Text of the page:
But what distinguishes Fraser’s work is the way in which each shot, regardless of the apparent naturalism, conveys a precise psychological impression. In Lion, for instance, the decision was made to have visual continuity across time (Saroo’s childhood and adulthood) and space (India and Australia). The result is a film that feels like an organic unfolding of one character’s psychology. “We don’t have to shoot [in a] different style because, remember, the film isn’t…just a linear story,” Fraser explained. “There are flashbacks, there are imagined sequences…we didn’t want to go sepia-toned with it or make it feel like a forced event.” Because Saroo experienced everything in the present, be it a memory or a real event, Fraser and Davis take the audience through the film in the same continuous way.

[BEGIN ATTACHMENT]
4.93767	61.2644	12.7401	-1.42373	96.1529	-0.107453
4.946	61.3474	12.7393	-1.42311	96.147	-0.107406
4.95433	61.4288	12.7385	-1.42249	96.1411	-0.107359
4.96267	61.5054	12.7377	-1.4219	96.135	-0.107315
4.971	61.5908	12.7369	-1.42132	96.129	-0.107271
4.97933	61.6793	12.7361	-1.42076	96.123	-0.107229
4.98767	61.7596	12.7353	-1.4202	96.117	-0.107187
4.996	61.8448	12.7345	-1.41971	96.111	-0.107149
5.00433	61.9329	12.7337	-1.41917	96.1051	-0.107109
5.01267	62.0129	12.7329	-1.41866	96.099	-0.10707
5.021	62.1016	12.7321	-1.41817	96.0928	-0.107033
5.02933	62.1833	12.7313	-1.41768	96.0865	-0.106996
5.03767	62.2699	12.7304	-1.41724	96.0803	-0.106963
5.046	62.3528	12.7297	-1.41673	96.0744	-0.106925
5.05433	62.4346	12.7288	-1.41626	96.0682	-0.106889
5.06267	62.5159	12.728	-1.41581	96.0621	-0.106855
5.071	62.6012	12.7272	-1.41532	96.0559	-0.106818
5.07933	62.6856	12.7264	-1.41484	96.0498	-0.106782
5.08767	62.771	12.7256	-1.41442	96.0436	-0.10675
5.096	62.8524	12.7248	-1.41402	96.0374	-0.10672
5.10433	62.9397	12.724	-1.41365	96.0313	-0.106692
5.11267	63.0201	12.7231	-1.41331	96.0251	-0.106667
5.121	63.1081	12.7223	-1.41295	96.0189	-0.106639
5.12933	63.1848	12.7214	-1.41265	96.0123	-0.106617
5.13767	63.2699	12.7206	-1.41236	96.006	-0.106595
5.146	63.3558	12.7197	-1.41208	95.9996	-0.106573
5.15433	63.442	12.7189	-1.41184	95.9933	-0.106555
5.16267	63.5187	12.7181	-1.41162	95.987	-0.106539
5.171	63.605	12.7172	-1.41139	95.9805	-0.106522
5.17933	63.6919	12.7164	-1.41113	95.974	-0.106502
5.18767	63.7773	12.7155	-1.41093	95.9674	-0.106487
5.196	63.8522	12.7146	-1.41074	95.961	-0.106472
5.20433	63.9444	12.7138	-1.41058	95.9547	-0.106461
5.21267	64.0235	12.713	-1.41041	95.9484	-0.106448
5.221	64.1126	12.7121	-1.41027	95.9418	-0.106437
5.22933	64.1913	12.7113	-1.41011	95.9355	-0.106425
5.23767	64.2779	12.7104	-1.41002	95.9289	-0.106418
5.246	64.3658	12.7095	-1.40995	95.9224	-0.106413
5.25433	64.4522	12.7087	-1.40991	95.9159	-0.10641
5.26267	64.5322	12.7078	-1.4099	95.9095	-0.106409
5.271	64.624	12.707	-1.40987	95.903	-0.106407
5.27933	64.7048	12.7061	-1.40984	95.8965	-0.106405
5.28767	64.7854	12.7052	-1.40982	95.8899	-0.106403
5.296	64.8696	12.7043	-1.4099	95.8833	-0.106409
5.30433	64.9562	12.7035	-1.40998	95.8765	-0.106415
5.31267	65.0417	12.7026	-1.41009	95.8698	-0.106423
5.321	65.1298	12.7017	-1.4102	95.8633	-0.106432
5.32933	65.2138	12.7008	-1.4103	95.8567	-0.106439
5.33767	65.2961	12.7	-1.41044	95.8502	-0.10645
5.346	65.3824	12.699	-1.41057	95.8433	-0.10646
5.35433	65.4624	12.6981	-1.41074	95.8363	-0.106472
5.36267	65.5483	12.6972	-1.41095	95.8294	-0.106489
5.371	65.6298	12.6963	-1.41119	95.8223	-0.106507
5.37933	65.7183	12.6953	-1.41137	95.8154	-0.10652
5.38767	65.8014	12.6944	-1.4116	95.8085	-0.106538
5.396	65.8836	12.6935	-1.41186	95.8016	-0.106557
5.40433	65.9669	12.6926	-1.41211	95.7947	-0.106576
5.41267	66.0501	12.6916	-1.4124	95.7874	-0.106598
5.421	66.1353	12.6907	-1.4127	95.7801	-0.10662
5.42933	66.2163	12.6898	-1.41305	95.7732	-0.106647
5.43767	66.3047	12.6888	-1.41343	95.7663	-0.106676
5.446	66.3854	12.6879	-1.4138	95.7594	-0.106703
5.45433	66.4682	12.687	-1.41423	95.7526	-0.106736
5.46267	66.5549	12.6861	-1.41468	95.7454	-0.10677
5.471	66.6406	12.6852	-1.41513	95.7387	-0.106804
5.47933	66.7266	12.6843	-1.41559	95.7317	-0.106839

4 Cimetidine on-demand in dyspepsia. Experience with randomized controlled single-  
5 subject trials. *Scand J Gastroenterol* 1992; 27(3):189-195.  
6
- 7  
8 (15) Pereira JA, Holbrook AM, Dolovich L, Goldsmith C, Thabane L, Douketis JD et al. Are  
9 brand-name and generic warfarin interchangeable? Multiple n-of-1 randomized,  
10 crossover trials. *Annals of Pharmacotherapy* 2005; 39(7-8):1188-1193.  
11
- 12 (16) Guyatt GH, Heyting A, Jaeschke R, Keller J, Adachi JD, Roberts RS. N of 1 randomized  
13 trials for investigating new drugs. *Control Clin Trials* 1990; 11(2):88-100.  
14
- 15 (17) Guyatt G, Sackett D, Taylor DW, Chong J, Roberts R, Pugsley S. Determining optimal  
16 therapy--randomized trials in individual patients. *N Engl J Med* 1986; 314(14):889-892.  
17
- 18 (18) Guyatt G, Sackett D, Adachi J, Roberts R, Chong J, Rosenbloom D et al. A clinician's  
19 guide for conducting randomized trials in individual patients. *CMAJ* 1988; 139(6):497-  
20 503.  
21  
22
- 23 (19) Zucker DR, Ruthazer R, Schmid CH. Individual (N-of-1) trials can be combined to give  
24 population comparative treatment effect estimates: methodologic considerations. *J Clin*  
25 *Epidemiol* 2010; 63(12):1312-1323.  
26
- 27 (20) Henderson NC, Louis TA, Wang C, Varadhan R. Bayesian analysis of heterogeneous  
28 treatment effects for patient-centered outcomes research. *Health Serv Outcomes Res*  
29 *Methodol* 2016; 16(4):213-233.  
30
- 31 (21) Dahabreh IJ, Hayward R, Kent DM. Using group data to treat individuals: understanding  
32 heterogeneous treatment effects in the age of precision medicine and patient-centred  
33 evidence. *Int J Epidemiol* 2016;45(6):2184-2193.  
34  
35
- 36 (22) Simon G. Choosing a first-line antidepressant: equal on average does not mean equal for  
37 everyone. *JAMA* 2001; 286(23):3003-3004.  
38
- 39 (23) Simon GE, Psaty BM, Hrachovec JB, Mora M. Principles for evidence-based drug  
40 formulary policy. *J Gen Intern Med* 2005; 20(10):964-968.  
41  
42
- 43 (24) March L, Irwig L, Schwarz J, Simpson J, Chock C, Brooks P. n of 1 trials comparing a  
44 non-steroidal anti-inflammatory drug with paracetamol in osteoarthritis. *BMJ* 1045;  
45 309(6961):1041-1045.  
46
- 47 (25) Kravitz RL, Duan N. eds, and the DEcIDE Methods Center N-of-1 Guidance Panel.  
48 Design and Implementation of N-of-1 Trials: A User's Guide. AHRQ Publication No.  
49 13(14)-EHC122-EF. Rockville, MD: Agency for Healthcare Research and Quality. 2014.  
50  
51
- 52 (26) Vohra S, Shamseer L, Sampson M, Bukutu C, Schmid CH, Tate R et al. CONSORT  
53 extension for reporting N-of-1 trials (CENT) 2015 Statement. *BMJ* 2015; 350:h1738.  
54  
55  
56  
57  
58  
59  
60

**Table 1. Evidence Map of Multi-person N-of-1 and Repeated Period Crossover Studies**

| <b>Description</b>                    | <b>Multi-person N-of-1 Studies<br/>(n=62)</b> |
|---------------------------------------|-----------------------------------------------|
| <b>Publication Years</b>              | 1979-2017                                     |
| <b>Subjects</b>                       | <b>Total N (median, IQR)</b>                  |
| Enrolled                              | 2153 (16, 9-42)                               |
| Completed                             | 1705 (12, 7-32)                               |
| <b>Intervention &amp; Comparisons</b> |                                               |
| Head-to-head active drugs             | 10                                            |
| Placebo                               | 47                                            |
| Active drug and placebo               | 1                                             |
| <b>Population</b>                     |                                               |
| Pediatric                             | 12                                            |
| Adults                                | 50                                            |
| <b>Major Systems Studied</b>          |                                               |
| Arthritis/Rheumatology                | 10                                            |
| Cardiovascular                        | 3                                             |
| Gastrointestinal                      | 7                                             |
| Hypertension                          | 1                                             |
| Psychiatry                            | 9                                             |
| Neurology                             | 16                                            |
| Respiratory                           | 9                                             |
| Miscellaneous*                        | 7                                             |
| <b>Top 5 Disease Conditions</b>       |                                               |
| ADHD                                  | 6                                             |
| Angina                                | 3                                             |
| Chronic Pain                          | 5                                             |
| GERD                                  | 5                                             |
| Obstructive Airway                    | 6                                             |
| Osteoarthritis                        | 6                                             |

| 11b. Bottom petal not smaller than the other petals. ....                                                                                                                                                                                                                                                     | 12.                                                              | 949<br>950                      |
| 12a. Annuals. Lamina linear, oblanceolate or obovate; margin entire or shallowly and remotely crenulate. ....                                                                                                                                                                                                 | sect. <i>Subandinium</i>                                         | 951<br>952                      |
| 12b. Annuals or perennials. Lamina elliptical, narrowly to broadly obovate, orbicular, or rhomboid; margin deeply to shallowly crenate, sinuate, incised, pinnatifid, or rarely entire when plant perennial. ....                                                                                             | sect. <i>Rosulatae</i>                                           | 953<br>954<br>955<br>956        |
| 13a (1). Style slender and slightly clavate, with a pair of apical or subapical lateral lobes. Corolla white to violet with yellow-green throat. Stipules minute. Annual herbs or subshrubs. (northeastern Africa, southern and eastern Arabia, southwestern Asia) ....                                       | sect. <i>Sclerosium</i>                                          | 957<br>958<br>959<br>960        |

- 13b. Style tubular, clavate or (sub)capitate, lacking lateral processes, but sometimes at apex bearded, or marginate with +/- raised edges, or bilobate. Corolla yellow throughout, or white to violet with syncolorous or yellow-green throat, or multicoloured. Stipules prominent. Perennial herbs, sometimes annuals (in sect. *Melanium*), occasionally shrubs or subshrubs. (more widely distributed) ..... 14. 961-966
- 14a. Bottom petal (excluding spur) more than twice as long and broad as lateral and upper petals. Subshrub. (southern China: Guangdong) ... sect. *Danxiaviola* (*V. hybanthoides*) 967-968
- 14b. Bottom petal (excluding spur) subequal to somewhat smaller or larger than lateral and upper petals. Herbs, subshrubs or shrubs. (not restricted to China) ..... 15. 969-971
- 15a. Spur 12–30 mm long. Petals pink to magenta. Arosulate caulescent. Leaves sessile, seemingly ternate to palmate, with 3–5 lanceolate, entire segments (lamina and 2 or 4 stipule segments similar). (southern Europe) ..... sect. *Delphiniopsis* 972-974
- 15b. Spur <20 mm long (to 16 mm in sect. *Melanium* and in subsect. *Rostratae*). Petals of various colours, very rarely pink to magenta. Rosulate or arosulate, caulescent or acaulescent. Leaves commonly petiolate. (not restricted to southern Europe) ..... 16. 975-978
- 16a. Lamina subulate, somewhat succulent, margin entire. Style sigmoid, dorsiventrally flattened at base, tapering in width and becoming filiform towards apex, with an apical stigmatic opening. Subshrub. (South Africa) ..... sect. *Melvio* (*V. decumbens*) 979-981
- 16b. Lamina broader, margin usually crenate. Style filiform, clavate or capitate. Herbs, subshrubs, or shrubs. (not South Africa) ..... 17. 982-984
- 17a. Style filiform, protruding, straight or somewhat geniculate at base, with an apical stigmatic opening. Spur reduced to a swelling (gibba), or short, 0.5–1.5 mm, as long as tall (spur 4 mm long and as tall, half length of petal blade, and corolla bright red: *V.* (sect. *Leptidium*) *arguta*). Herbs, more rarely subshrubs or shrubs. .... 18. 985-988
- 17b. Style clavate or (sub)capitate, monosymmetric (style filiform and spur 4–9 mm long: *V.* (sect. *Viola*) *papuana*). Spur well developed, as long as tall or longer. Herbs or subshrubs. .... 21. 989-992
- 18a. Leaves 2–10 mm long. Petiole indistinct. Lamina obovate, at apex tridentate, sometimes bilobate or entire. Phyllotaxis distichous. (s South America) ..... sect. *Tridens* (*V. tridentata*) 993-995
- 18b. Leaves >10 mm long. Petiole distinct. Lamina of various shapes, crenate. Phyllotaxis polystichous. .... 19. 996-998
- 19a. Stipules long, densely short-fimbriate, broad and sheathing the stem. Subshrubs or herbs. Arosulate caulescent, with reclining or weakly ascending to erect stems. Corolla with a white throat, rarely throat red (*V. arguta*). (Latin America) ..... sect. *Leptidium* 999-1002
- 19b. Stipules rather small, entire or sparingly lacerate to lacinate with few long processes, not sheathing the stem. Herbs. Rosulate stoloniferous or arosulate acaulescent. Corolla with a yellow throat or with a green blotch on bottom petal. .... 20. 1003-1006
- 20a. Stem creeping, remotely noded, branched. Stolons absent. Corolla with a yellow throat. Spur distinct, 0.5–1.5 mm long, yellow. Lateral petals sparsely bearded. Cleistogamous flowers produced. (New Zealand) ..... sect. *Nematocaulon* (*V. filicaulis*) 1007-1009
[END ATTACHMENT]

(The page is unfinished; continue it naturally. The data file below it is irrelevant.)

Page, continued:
Not every story calls for such rigorous subjectivity. On Foxcatcher, for example, the approach was characterized more by austerity and objective remove. The uniqueness of Miller’s approach, his way of “observing a story rather than telling a story,” is part of what attracted Fraser to the project: “When…I accept to do a film, it’s because the director is wanting to do something different, or in a way that I think would be really positive for the story…it felt like [with Foxcatcher] there needed to be just a little bit more space around the characters and around the experience.” The distinction makes perfect sense when one considers the subject matter. Lion is about the suspense of whether Saroo will reunite with his family, and about his elation when finally he does. Saroo’s journey becomes the audience’s journey. Foxcatcher, by contrast, has the shape of Greek tragedy ‐ events unfold inevitably, with an emphasis on observing causes and effects, characters and situations. Part of Fraser’s brilliance as a cinematographer is his ability to adapt to different stories, allowing subject matter to dictate intention. Even with Foxcatcher’s somber detachment, he explained, “there’s a reason for every movement, non-movement, lens choice.”